Against this challenging backdrop, dealmakers say activity has paused but far from dried up. Joe Hartman, national co-leader of private equity transactional services at KPMG, says: “Our clients see interest rates up and debt availability down by a turn or a turn and a half. That is putting some pressure on the capital structures of assets, and all of that plays into valuations. There is a short-term pause as buyers and sellers align on the changes that have taken place in the last couple of quarters and what that means for valuations.
“We are seeing deal volume down about 15-20 percent on a year ago and we envision that playing out for another six months or so as things stabilise. But there is record capital available to private equity, fundraising is still very strong, and long term we know that private equity invests through the cycles, so we will get back to where we were.”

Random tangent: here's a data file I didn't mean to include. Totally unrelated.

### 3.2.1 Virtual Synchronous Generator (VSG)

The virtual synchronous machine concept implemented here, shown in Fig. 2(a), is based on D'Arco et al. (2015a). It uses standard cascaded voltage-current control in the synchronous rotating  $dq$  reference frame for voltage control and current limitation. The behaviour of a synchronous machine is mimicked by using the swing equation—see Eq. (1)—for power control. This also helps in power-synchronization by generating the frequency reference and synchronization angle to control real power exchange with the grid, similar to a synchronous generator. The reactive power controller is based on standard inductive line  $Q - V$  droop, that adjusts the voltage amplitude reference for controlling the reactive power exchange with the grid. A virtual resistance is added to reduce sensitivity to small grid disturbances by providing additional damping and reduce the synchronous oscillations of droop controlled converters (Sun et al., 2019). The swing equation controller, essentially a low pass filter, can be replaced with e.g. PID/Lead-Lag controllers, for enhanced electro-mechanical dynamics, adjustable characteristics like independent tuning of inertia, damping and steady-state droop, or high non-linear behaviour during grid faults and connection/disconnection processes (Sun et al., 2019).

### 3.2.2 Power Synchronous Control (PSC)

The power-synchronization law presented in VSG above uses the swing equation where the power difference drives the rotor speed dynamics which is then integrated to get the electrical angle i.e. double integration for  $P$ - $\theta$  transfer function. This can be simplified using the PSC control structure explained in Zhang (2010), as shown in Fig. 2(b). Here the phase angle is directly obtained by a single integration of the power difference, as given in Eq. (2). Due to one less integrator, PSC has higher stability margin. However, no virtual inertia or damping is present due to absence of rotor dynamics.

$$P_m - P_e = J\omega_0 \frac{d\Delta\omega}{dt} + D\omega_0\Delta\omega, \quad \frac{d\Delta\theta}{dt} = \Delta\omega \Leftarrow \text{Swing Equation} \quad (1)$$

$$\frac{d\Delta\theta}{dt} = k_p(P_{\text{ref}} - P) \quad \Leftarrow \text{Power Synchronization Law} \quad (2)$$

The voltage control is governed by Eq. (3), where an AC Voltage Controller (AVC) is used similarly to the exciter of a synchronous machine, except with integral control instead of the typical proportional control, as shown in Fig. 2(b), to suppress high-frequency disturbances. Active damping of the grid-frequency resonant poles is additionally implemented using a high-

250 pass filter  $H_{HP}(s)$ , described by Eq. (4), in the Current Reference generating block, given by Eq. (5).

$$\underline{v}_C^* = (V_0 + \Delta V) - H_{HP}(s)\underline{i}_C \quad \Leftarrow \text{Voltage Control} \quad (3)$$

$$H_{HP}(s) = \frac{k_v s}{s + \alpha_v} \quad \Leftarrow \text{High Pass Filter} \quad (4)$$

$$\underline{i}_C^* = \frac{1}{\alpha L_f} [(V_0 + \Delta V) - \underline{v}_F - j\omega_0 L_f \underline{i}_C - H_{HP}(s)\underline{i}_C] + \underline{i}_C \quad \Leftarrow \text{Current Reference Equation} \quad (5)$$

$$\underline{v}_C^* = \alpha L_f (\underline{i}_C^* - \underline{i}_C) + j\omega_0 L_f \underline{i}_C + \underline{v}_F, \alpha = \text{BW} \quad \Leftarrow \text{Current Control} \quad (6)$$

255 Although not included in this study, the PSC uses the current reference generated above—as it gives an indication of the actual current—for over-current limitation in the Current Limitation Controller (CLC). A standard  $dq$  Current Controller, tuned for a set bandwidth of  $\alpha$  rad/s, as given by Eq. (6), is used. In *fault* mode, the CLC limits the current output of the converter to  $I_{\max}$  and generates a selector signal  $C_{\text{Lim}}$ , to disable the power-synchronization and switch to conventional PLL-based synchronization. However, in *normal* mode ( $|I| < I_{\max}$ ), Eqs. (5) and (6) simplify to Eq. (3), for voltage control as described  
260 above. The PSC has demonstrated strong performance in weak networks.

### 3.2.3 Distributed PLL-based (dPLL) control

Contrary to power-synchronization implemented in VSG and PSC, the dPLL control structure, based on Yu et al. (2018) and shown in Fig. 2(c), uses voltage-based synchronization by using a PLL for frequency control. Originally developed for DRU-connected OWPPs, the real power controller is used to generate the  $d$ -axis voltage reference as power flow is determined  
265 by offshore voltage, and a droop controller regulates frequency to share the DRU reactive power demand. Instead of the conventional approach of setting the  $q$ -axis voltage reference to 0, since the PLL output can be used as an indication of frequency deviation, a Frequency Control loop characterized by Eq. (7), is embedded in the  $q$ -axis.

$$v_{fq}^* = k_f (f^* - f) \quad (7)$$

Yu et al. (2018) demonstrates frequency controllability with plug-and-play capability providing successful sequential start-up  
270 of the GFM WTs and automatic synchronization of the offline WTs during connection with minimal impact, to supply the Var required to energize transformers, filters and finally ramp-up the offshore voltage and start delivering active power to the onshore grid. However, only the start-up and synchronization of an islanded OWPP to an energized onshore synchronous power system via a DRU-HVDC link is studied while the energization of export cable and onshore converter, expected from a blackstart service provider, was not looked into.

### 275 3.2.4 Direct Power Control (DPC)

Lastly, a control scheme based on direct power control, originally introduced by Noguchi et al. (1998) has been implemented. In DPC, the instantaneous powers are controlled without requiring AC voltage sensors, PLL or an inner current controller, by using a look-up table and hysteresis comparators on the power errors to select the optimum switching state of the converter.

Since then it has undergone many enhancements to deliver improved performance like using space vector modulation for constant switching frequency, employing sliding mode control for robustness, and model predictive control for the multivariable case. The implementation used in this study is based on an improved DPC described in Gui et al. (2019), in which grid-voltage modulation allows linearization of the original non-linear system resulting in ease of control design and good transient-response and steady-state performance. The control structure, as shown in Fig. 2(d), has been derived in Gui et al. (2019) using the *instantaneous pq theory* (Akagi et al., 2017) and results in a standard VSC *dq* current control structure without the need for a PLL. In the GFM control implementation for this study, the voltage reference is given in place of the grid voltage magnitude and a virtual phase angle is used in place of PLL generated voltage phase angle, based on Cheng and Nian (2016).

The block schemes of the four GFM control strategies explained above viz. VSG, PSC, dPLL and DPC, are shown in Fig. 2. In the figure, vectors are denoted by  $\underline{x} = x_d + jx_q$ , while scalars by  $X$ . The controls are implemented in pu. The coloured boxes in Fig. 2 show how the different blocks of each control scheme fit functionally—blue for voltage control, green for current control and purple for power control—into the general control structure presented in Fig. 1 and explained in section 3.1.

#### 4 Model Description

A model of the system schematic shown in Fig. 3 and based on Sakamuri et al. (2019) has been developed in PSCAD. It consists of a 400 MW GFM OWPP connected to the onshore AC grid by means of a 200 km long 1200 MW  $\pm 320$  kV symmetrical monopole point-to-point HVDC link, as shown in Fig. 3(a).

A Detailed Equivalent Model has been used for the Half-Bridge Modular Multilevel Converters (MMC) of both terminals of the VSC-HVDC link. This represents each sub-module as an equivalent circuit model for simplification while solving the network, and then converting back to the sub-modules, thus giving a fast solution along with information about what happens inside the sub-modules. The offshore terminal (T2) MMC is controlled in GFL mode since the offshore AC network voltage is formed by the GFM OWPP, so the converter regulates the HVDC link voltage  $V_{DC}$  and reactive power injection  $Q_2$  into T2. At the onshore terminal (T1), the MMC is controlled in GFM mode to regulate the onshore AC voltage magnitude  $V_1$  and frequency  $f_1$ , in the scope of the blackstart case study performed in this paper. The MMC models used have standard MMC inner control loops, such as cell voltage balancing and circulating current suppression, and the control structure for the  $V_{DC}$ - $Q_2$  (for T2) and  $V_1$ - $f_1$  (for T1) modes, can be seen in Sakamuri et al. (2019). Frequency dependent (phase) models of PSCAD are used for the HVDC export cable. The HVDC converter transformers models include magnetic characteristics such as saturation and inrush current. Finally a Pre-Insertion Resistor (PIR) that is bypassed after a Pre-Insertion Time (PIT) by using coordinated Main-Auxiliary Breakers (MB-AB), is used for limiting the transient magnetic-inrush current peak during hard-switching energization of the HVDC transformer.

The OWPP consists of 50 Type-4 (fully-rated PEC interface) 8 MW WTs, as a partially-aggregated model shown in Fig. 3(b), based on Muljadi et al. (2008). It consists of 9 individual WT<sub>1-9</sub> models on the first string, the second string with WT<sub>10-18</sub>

Howard Morgan, a managing partner and co-founder of Argand Partners, a US mid-market private equity firm focused on manufacturing and business services companies, still sees opportunities in the market, particularly when it comes to add-on deals. “Given our desire to really dig in on maybe 10 deals at any given point in time, we are definitely staying busy today,” he says. “There is a disproportionate number of very interesting add-ons out there, some of which are large enough that they might otherwise be platform deals.
“The market remains active for those kinds of deals and we are definitely finding opportunities and spending more time in that area. Add-ons are a lower risk proposition for us – we know the industry, we are a strategic buyer and we are bringing a lot more to the table than just capital structure.”
Opportunities among disruption